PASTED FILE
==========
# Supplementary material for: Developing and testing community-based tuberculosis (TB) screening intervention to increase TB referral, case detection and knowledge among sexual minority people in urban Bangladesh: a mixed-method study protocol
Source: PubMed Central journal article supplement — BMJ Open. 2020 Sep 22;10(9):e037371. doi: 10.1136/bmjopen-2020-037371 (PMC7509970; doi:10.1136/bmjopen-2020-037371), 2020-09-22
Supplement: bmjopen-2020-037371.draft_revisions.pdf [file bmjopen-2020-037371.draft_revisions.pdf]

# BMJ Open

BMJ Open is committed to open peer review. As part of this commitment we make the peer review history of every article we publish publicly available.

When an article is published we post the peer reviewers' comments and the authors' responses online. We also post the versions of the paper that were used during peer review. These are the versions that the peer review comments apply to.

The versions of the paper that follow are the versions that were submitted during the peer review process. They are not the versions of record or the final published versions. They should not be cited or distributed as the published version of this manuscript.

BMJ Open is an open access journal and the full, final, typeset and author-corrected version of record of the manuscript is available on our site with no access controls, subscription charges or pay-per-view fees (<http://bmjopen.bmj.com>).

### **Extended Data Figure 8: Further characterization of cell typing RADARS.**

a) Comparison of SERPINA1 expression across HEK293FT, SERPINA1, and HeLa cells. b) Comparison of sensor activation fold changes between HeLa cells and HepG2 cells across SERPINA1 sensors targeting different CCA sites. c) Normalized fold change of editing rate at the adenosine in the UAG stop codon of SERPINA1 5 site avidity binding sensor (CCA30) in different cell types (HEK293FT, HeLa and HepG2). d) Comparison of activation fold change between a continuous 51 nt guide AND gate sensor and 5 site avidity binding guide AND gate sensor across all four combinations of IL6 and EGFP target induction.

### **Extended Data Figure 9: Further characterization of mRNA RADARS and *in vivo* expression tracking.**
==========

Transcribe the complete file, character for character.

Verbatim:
# Supplementary material for: Developing and testing community-based tuberculosis (TB) screening intervention to increase TB referral, case detection and knowledge among sexual minority people in urban Bangladesh: a mixed-method study protocol
Source: PubMed Central journal article supplement — BMJ Open. 2020 Sep 22;10(9):e037371. doi: 10.1136/bmjopen-2020-037371 (PMC7509970; doi:10.1136/bmjopen-2020-037371), 2020-09-22
Supplement: bmjopen-2020-037371.draft_revisions.pdf [file bmjopen-2020-037371.draft_revisions.pdf]

# BMJ Open

BMJ Open is committed to open peer review. As part of this commitment we make the peer review history of every article we publish publicly available.

When an article is published we post the peer reviewers' comments and the authors' responses online. We also post the versions of the paper that were used during peer review. These are the versions that the peer review comments apply to.

The versions of the paper that follow are the versions that were submitted during the peer review process. They are not the versions of record or the final published versions. They should not be cited or distributed as the published version of this manuscript.

BMJ Open is an open access journal and the full, final, typeset and author-corrected version of record of the manuscript is available on our site with no access controls, subscription charges or pay-per-view fees (<http://bmjopen.bmj.com>).

### **Extended Data Figure 8: Further characterization of cell typing RADARS.**

a) Comparison of SERPINA1 expression across HEK293FT, SERPINA1, and HeLa cells. b) Comparison of sensor activation fold changes between HeLa cells and HepG2 cells across SERPINA1 sensors targeting different CCA sites. c) Normalized fold change of editing rate at the adenosine in the UAG stop codon of SERPINA1 5 site avidity binding sensor (CCA30) in different cell types (HEK293FT, HeLa and HepG2). d) Comparison of activation fold change between a continuous 51 nt guide AND gate sensor and 5 site avidity binding guide AND gate sensor across all four combinations of IL6 and EGFP target induction.

### **Extended Data Figure 9: Further characterization of mRNA RADARS and *in vivo* expression tracking.**